At The White Mountain School we believe that true education should do more than inform; it should inspire. Courses here, while aligned with a college preparatory curriculum, extend beyond the classroom and into the world around us. Here students master their Spanish on our annual international service trip, practice forest stewardship as they help to manage our 240 acre campus property, and learn to measure slopes in advanced algebra while designing their own trail projects.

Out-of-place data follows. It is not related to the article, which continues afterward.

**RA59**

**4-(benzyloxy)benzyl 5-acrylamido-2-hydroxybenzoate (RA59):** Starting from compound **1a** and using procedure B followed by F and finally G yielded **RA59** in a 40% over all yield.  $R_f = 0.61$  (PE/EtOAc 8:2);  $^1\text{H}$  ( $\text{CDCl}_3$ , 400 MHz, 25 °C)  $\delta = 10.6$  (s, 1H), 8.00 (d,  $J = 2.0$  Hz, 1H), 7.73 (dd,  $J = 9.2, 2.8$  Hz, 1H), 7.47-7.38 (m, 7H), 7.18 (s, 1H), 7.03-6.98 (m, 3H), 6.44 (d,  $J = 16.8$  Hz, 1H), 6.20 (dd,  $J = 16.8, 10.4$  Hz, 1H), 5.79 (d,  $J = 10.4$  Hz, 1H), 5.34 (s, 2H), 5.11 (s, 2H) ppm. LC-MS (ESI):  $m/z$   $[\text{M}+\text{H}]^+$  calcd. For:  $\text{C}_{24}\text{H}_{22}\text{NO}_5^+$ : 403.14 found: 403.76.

Our teachers know that in every interaction with a student there is a chance to motivate, mentor, and challenge; they teach here because they truly want to share their lives and passions with young people. These components of our academic program balance rigor and relevance as we prepare our students for college and, ultimately, for lives beyond formal academics.

Faculty

THE WHITE MOUNTAIN SCHOOL

371 West Farm Road  •  Bethlehem, New Hampshire 03574  •  603.444.2928
Founded in 1886 and set in the beautiful White Mountains of northern New Hampshire,
The White Mountain School is a coeducational college-preparatory boarding and day
school for students grades 9-12/PG.